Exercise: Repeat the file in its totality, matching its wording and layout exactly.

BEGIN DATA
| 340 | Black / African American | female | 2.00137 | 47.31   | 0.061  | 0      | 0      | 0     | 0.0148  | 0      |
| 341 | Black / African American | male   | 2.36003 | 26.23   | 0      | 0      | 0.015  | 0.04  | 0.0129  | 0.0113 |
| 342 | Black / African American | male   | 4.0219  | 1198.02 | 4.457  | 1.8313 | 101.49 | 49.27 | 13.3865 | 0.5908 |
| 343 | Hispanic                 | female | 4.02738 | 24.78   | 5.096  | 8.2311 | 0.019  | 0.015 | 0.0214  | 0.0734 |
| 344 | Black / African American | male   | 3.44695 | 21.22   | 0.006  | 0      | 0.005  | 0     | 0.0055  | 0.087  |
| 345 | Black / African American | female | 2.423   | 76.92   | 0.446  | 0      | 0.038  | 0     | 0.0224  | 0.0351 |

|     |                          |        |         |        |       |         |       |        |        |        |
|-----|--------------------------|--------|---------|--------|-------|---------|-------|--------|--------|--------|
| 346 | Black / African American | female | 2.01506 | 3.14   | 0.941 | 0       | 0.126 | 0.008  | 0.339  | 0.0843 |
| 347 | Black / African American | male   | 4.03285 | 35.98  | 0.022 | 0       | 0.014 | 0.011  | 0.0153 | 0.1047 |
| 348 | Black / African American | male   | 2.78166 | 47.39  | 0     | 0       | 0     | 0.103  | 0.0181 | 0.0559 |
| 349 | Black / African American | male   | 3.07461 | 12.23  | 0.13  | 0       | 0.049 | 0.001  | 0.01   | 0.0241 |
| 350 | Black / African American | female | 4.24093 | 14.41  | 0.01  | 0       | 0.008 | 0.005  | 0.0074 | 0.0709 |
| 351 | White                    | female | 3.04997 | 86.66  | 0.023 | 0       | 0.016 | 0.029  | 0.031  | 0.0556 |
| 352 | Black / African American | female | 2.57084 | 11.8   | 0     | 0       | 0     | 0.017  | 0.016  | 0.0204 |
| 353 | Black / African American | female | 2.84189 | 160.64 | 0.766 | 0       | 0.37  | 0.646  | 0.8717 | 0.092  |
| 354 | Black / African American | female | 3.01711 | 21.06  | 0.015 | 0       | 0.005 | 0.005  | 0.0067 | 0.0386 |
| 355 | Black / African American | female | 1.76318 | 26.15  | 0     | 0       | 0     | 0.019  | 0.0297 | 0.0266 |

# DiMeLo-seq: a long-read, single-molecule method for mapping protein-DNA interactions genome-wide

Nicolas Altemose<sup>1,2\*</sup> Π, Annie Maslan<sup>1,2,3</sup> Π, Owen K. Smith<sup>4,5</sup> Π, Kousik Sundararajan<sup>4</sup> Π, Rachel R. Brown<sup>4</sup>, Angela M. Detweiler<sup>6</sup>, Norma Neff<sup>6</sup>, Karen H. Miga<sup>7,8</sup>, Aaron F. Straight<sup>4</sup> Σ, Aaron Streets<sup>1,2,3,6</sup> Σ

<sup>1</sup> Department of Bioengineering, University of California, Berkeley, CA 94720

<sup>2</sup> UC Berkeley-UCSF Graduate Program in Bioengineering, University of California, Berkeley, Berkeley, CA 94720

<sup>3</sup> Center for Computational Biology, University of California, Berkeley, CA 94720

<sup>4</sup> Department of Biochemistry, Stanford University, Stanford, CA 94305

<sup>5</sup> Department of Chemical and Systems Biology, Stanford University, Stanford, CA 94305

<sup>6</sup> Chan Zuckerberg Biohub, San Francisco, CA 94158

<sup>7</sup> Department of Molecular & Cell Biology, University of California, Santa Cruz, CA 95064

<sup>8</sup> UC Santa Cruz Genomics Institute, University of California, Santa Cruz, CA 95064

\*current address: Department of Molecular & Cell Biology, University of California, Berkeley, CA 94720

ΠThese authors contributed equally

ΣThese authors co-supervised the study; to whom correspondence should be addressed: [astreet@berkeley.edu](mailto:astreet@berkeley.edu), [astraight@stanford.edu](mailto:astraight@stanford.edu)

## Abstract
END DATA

| 340 | Black / African American | female | 2.00137 | 47.31   | 0.061  | 0      | 0      | 0     | 0.0148  | 0      |
| 341 | Black / African American | male   | 2.36003 | 26.23   | 0      | 0      | 0.015  | 0.04  | 0.0129  | 0.0113 |
| 342 | Black / African American | male   | 4.0219  | 1198.02 | 4.457  | 1.8313 | 101.49 | 49.27 | 13.3865 | 0.5908 |
| 343 | Hispanic                 | female | 4.02738 | 24.78   | 5.096  | 8.2311 | 0.019  | 0.015 | 0.0214  | 0.0734 |
| 344 | Black / African American | male   | 3.44695 | 21.22   | 0.006  | 0      | 0.005  | 0     | 0.0055  | 0.087  |
| 345 | Black / African American | female | 2.423   | 76.92   | 0.446  | 0      | 0.038  | 0     | 0.0224  | 0.0351 |

|     |                          |        |         |        |       |         |       |        |        |        |
|-----|--------------------------|--------|---------|--------|-------|---------|-------|--------|--------|--------|
| 346 | Black / African American | female | 2.01506 | 3.14   | 0.941 | 0       | 0.126 | 0.008  | 0.339  | 0.0843 |
| 347 | Black / African American | male   | 4.03285 | 35.98  | 0.022 | 0       | 0.014 | 0.011  | 0.0153 | 0.1047 |
| 348 | Black / African American | male   | 2.78166 | 47.39  | 0     | 0       | 0     | 0.103  | 0.0181 | 0.0559 |
| 349 | Black / African American | male   | 3.07461 | 12.23  | 0.13  | 0       | 0.049 | 0.001  | 0.01   | 0.0241 |
| 350 | Black / African American | female | 4.24093 | 14.41  | 0.01  | 0       | 0.008 | 0.005  | 0.0074 | 0.0709 |
| 351 | White                    | female | 3.04997 | 86.66  | 0.023 | 0       | 0.016 | 0.029  | 0.031  | 0.0556 |
| 352 | Black / African American | female | 2.57084 | 11.8   | 0     | 0       | 0     | 0.017  | 0.016  | 0.0204 |
| 353 | Black / African American | female | 2.84189 | 160.64 | 0.766 | 0       | 0.37  | 0.646  | 0.8717 | 0.092  |
| 354 | Black / African American | female | 3.01711 | 21.06  | 0.015 | 0       | 0.005 | 0.005  | 0.0067 | 0.0386 |
| 355 | Black / African American | female | 1.76318 | 26.15  | 0     | 0       | 0     | 0.019  | 0.0297 | 0.0266 |

# DiMeLo-seq: a long-read, single-molecule method for mapping protein-DNA interactions genome-wide

Nicolas Altemose<sup>1,2\*</sup> Π, Annie Maslan<sup>1,2,3</sup> Π, Owen K. Smith<sup>4,5</sup> Π, Kousik Sundararajan<sup>4</sup> Π, Rachel R. Brown<sup>4</sup>, Angela M. Detweiler<sup>6</sup>, Norma Neff<sup>6</sup>, Karen H. Miga<sup>7,8</sup>, Aaron F. Straight<sup>4</sup> Σ, Aaron Streets<sup>1,2,3,6</sup> Σ

<sup>1</sup> Department of Bioengineering, University of California, Berkeley, CA 94720

<sup>2</sup> UC Berkeley-UCSF Graduate Program in Bioengineering, University of California, Berkeley, Berkeley, CA 94720

<sup>3</sup> Center for Computational Biology, University of California, Berkeley, CA 94720

<sup>4</sup> Department of Biochemistry, Stanford University, Stanford, CA 94305

<sup>5</sup> Department of Chemical and Systems Biology, Stanford University, Stanford, CA 94305

<sup>6</sup> Chan Zuckerberg Biohub, San Francisco, CA 94158

<sup>7</sup> Department of Molecular & Cell Biology, University of California, Santa Cruz, CA 95064

<sup>8</sup> UC Santa Cruz Genomics Institute, University of California, Santa Cruz, CA 95064

\*current address: Department of Molecular & Cell Biology, University of California, Berkeley, CA 94720

ΠThese authors contributed equally

ΣThese authors co-supervised the study; to whom correspondence should be addressed: [astreet@berkeley.edu](mailto:astreet@berkeley.edu), [astraight@stanford.edu](mailto:astraight@stanford.edu)

## Abstract